The reliance on old assets manifests elsewhere too. While many of the cutscenes are engine-driven and run at native resolution, some of them are pre-rendered, low resolution FMVs that don't hold up particularly well. It's the same problem as the HD Collection, even on PC where you'd hope to see sky-high resolutions. The one silver lining is that these original videos were all originally presented in a 16:9 letterbox aspect ratio - which translates well on Switch's widescreen display.

But even here there are issues - you're effectively getting a cropped 324p version of what was originally a 4:3 480p video. Couple this with the block compression artefacts, and it creates a jarring disconnect with the sharp 1080p image of gameplay. That's a shame because these scenes are often beautifully choreographed, with stylish action that rewards finishing a level. The impact of these low resolution scenes is mitigated to a certain extent by playing in portable mode, but it is still irksome, nonetheless.

There are a few other downsides too. The customisation menus are also built from old artwork too, meaning that they still present with a 4:3 aspect ratio - in line with the HD Collections elsewhere. More disappointing for Switch users specifically is the use of low resolution effects. It's likely a trade-off to keep everything flowing at 60fps, but downed enemies create a burst of quarter resolution pixelated dust in their wake.

Regardless of the issues, I do think that there is much to like about the Switch version of Devil May Cry 3. Effects work aside, docked mode is a match for the specs of the PS4, Xbox One and PC modes. Meanwhile, we have new modes for multiplayer and an extra Freestyle option in solo play. Most importantly of all though, the Switch platform itself provides the strongest benefit - DMC3 is now a brilliant mobile experience. Loading is near-instant between each area, often small by nature to factor in PS2's limited memory resources. Nevertheless, it all flows beautifully on Switch, which I think is the saving grace here. Animations are snappy and satisfying to this day, right down to the series' iconic enemy juggles with gunfire as you pace the ground below. Overlooking the basic texturing, if this game debuted today, the mechanics alone make this a brilliant ride.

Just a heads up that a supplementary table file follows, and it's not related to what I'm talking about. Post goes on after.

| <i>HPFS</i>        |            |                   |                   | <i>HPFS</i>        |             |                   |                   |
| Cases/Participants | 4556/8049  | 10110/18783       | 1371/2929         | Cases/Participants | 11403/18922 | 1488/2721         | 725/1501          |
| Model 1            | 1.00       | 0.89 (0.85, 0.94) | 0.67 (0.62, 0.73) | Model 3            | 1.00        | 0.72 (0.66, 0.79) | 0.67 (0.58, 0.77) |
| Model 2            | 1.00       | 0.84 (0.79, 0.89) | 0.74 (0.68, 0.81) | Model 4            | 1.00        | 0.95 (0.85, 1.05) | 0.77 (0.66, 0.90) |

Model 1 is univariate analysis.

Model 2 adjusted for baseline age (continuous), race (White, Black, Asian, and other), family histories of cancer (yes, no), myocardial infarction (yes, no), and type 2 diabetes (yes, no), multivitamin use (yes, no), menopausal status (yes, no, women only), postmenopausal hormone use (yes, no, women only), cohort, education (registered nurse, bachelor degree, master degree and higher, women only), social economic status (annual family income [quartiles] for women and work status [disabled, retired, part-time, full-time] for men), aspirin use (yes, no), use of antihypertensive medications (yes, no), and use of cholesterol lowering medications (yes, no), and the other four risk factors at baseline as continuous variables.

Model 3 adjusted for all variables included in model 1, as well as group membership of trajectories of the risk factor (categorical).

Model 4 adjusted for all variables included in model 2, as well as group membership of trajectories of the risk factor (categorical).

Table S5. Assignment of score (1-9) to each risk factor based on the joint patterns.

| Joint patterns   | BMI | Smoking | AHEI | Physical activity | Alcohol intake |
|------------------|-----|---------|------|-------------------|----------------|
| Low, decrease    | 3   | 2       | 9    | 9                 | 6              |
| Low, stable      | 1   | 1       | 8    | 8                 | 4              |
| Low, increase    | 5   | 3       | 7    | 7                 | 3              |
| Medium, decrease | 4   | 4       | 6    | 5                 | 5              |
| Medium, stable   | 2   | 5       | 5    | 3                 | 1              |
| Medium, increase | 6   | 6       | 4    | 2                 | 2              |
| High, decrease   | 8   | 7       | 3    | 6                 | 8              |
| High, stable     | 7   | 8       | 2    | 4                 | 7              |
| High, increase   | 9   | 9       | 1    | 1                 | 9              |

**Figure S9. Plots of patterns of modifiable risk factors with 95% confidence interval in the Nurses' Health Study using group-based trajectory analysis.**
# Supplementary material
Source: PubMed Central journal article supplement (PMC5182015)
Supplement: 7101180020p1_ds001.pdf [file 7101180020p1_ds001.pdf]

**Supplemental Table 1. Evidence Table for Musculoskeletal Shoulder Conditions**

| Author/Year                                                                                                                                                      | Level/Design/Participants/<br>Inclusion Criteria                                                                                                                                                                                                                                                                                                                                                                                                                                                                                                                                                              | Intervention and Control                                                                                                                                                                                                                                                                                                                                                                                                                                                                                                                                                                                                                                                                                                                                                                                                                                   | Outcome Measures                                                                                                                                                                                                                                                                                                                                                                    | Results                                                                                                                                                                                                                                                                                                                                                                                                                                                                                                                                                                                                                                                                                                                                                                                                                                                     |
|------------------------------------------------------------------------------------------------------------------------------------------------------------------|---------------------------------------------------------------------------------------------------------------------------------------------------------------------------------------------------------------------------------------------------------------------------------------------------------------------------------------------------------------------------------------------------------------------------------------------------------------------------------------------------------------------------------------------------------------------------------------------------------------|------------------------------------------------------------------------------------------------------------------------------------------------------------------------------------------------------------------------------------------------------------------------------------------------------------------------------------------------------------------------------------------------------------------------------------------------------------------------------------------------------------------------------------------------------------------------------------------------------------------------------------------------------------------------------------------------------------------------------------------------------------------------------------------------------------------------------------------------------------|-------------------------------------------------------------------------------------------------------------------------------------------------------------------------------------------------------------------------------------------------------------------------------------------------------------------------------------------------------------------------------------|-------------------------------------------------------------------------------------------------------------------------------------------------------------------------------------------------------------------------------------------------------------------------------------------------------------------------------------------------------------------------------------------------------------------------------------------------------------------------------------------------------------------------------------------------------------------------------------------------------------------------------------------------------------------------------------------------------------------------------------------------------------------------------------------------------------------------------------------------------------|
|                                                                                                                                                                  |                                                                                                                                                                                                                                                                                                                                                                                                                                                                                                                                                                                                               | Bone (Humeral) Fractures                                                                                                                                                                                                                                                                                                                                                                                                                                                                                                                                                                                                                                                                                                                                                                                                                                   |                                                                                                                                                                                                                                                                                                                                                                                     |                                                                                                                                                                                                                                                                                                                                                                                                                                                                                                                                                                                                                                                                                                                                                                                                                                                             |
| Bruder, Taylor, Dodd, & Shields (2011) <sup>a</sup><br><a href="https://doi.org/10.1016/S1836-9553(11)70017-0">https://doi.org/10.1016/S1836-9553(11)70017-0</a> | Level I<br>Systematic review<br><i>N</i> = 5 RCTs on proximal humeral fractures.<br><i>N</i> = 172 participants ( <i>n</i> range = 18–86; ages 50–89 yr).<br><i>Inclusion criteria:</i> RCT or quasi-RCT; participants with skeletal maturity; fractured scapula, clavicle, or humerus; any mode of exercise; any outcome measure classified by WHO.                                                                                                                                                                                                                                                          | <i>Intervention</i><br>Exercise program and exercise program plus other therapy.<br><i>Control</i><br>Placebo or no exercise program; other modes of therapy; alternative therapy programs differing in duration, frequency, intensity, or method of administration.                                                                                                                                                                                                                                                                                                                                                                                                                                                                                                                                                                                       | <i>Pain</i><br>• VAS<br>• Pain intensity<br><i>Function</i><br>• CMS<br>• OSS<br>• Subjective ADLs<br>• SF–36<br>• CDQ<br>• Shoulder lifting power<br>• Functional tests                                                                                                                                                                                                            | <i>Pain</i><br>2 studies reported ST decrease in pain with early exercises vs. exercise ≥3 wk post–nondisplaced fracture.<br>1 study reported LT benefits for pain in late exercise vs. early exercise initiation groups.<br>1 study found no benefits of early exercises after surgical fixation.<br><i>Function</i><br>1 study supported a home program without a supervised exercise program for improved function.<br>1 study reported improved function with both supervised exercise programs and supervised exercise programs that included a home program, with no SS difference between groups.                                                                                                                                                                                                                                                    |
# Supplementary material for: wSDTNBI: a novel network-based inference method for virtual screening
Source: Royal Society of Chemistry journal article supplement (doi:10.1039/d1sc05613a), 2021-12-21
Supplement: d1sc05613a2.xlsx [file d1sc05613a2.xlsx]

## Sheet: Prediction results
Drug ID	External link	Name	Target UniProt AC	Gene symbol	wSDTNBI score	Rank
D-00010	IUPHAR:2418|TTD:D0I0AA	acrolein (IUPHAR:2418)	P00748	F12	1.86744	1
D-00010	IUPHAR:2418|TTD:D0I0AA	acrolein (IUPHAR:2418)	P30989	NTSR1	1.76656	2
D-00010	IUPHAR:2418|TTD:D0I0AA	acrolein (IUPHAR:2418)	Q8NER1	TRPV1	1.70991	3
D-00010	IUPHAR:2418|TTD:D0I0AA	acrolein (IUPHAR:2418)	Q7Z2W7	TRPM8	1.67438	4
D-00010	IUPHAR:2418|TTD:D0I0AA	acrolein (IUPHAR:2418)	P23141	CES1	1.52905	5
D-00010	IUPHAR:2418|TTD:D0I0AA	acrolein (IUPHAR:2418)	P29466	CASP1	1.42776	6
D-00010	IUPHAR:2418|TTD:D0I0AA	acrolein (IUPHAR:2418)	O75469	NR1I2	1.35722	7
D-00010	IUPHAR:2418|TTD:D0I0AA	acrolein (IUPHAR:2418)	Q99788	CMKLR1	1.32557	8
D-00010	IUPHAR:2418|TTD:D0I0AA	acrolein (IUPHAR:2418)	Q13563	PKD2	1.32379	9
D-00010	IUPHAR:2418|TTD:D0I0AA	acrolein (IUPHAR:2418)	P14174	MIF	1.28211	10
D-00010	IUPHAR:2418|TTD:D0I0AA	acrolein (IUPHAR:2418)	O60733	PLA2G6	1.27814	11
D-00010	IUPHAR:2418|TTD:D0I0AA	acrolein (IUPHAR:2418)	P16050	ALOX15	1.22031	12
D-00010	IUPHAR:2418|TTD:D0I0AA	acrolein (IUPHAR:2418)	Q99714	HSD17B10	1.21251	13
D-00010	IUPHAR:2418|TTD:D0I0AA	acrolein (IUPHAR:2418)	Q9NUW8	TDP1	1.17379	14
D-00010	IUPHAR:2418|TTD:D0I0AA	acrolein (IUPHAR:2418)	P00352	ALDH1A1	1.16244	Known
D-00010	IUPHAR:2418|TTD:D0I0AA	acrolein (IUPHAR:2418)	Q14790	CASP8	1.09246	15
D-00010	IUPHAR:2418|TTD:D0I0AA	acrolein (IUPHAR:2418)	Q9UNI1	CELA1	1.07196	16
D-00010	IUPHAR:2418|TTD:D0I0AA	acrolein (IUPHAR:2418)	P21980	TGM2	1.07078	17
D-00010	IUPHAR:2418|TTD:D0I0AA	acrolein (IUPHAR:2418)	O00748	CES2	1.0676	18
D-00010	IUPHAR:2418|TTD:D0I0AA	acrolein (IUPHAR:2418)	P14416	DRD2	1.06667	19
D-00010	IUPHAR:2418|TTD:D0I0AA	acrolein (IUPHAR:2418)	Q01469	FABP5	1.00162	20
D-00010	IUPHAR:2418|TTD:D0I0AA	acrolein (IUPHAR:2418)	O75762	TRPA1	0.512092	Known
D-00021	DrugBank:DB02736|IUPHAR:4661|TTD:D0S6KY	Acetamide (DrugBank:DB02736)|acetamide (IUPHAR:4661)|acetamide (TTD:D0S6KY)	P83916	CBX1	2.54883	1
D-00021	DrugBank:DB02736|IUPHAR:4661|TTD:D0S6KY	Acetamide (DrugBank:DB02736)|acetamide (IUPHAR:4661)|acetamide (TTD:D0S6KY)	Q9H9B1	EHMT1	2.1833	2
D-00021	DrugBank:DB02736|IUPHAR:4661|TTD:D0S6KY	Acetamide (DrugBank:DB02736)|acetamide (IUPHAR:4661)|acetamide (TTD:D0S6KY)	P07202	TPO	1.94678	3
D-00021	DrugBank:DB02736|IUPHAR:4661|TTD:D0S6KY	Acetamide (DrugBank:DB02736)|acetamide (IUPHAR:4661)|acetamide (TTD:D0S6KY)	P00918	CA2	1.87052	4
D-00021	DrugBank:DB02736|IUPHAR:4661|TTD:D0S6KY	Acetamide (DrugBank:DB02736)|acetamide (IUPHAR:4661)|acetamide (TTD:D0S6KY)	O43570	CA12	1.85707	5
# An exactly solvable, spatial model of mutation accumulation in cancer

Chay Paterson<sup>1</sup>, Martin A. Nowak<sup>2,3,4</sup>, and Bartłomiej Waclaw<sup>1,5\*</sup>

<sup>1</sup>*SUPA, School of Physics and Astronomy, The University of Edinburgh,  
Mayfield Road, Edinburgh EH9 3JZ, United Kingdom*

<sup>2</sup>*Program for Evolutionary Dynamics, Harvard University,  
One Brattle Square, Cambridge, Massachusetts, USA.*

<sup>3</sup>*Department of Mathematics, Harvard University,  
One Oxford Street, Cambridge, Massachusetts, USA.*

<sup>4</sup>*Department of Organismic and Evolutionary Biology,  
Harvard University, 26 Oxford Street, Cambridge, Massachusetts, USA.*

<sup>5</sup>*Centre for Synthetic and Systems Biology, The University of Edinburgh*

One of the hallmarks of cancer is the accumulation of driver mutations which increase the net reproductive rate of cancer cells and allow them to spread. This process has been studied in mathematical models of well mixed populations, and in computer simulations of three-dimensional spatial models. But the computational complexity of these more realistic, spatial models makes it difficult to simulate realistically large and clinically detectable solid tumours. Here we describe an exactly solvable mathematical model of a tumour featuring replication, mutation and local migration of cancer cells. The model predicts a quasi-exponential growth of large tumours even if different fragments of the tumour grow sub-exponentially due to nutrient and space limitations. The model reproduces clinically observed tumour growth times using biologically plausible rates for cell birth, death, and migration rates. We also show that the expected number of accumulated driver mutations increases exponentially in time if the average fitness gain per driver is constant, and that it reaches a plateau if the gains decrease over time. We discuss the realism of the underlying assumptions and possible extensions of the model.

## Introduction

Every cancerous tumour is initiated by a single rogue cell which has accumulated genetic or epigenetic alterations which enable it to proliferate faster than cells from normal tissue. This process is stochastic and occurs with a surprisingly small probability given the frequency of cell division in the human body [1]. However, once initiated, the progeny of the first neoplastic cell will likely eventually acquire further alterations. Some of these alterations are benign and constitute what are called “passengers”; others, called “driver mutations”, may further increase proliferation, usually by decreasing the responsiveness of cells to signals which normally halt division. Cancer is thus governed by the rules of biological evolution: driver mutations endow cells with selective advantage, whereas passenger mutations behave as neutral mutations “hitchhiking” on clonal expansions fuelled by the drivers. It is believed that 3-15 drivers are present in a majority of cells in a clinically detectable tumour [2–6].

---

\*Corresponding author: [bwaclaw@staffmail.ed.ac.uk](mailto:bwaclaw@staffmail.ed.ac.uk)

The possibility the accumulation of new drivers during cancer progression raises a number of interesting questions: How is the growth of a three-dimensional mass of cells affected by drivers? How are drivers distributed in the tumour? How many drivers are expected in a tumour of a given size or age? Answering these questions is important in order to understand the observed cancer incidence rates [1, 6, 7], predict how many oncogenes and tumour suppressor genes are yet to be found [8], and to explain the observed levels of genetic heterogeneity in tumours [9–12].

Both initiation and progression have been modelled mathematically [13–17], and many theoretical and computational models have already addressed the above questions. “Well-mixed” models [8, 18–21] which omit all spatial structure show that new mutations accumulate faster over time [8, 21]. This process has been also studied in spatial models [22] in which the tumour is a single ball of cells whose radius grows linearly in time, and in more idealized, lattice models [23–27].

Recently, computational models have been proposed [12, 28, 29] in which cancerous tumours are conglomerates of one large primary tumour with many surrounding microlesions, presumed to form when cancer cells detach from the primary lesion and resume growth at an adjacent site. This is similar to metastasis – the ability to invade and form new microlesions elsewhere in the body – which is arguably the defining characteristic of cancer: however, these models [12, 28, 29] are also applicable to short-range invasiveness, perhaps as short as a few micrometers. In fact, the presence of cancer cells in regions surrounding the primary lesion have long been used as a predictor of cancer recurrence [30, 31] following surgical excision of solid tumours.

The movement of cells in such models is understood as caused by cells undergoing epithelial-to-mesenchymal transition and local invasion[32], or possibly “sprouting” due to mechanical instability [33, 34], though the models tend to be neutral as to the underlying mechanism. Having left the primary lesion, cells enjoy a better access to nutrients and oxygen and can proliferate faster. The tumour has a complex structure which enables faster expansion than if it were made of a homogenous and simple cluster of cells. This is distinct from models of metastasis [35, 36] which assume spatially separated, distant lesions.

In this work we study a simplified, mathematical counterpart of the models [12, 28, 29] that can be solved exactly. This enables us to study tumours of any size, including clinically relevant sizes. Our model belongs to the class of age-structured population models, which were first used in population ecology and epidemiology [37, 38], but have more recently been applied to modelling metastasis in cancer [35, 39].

I've loved returning to it - I just wish that some degree of modernisation could be available as an option. Yes, making some attempt to include new assets would be welcome, but other aspects could do with an upgrade too, such as the unwieldy third-person camera work. Fundamentally, the genius is in the gameplay, which still runs fluidly, where the thrill of combat holds up wonderfully. It's a perfect stand-by for Bayonetta fans, waiting on the edges of their seats for the next release. While I don't think the Switch additions necessarily justify the decision to split Devil May Cry 3 into its component games as individual releases, I'd still recommend it. While the conversion is still relatively basic compared to the quality of other remasters, at least the basics are in place here - and that's enough to deliver a decent experience from a game that's suffered from so many subpar conversions in the past.

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About the author

Thomas Morgan

Thomas Morgan

Senior Staff Writer, Digital Foundry

32-bit era nostalgic and gadget enthusiast Tom has been writing for Eurogamer and Digital Foundry since 2011. His favourite games include Gitaroo Man, F-Zero GX and StarCraft 2.